Release Date(s)1972 (May 7, 2019)
Studio(s)Cinema Shares International Distribution (Arrow Video)
- Film/Program Grade: B-
- Video Grade: A-
- Audio Grade: B+
- Extras Grade: A
After the success of For a Few Dollars More and The Good, the Bad and the Ugly, Lee Van Cleef enjoyed a run of more spaghetti westerns, which included The Big Gundown, Day of Anger, and Death Rides a Horse, among many others. Often overlooked from this period in time is The Grand Duel (aka Il Grande Duello), a 1972 effort from former Sergio Leone assistant director Giancarlo Santi.
Telling the story of an escaped convict (Alberto Dentice aka Peter O’Brien) with a bounty on his head and a sheriff (Lee Van Cleef) out to get him while also facing the consequences of his past, this particular western has a much more playful feel than those typically made during this period, which were mostly downbeat with undercurrents of cynicism. It doesn’t entirely work on a tonal level, partially due to Luis Enríquez Bacalov’s score, which bounces back and forth between a more laid back, atypical western flavor with slow repeating refrains on the harmonica to cornball action arrangements that reek of the timeframe that the film was made in. Subsequently, Quentin Tarantino even took samples of the score for the Kill Bill films much later on.
The story also shifts focus more than once, expanding upon the two main characters, including Van Cleef’s who winds up as more of a co-lead than an out and out star. He isn’t a “man with no name” type, but he does have his own reasons for doing what he does, and those around him find him almost anarchic because of it. His counterpart, the wanted criminal on the loose named Phillip, is of questionable allegiance at every turn, though he’s seemingly a thief with a heart of gold.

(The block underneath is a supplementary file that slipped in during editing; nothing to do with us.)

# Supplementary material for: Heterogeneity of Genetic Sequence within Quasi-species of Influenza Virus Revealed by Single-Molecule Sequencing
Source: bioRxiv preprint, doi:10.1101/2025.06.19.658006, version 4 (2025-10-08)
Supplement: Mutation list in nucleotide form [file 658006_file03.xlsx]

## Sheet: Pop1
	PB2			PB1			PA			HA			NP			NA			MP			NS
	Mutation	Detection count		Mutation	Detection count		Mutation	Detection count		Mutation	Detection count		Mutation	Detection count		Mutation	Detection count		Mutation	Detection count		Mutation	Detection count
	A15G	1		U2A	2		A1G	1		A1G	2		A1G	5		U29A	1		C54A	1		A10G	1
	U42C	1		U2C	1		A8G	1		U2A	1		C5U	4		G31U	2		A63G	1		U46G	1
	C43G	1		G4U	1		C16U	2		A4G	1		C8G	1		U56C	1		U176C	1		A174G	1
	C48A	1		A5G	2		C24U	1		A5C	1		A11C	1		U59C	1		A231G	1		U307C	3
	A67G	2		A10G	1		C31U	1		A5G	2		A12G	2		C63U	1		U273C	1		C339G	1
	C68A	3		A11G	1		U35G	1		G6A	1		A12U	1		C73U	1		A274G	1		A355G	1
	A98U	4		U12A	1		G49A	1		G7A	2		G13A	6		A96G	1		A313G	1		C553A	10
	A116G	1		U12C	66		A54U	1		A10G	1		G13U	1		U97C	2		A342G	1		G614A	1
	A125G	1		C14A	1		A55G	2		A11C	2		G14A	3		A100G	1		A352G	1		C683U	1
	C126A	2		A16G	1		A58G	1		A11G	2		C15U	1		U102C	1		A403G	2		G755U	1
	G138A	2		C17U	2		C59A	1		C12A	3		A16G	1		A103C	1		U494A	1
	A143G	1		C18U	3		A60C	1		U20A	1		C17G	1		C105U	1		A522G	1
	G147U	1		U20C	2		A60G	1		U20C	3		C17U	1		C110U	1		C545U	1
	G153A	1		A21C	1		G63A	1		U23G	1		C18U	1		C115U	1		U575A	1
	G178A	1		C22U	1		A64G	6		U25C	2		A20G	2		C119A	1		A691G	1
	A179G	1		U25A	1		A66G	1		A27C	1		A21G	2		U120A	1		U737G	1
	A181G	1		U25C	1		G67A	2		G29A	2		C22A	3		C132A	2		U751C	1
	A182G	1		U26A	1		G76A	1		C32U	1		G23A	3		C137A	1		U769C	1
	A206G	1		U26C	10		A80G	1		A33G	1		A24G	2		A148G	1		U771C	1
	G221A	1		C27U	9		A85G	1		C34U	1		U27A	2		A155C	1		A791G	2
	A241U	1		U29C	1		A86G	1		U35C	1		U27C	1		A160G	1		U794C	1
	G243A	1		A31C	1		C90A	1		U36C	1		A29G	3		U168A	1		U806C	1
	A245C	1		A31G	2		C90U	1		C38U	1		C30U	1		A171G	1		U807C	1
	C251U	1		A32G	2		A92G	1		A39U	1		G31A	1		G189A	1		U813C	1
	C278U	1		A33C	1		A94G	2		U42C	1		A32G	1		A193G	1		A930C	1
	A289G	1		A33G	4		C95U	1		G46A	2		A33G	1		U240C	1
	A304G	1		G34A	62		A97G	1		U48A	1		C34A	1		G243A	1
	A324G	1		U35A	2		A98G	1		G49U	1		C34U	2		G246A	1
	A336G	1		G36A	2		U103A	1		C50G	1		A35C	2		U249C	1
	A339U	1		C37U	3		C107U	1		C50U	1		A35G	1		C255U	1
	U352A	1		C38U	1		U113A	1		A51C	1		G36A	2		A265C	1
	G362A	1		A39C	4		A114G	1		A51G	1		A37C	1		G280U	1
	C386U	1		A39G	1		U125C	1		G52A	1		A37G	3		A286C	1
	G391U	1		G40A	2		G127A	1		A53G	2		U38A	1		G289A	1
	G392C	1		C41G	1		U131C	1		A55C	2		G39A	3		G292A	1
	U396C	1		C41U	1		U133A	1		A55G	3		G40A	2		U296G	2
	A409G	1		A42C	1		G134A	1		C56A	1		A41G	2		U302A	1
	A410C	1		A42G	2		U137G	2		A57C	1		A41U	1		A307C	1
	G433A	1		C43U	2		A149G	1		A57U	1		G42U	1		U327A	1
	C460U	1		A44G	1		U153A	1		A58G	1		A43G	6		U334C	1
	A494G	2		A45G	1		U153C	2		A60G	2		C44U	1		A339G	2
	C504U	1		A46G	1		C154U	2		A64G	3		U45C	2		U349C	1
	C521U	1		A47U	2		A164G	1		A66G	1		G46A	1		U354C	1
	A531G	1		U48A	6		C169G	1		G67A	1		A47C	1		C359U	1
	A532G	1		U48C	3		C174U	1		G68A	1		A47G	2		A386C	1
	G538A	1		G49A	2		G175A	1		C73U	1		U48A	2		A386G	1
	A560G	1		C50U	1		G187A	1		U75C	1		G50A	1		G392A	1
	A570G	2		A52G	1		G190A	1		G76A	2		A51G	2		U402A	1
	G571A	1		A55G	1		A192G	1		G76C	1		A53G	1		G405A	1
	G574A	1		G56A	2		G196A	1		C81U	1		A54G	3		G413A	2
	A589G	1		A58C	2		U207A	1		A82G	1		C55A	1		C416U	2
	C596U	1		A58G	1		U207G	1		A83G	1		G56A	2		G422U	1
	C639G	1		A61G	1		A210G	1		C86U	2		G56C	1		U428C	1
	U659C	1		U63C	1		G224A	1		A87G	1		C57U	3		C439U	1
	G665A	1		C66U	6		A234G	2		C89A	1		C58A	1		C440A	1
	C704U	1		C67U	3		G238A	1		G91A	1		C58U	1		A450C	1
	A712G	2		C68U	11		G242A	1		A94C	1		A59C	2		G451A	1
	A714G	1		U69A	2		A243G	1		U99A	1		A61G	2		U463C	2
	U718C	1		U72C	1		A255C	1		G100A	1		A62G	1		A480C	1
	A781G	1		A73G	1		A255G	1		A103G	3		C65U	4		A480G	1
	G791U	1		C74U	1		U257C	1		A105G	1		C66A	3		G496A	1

On the other hand, The Grand Duel is highlighted by some memorable camera work and action set pieces, including the opening which explodes with characters being catapulted into the air while firing their sidearms to multiple exchanges of gunfire. So even though the tonal qualities make it seem slightly inadequate, the film still has plenty to offer in terms of genre expectations.
For Arrow Video’s new Blu-ray release, the film has undergone a new 2K restoration from the original 2-perf Technicolor 35mm camera negative and is presented in its original aspect ratio of 2.35:1. Even better, two versions of the film are included: the English language version, which features the title The Big Showdown and English opening and closing credits, and the Italian version, which features the title Il Grande Duello and Italian opening and closing credits (the latter appears to be print-sourced, even though the accompanying booklet doesn’t mention it). Outside of the credits and different languages, the content of each version is otherwise identical. It’s also worth noting that there’s also a longer German version of the film which couldn’t be included as the elements don’t seem to exist anymore.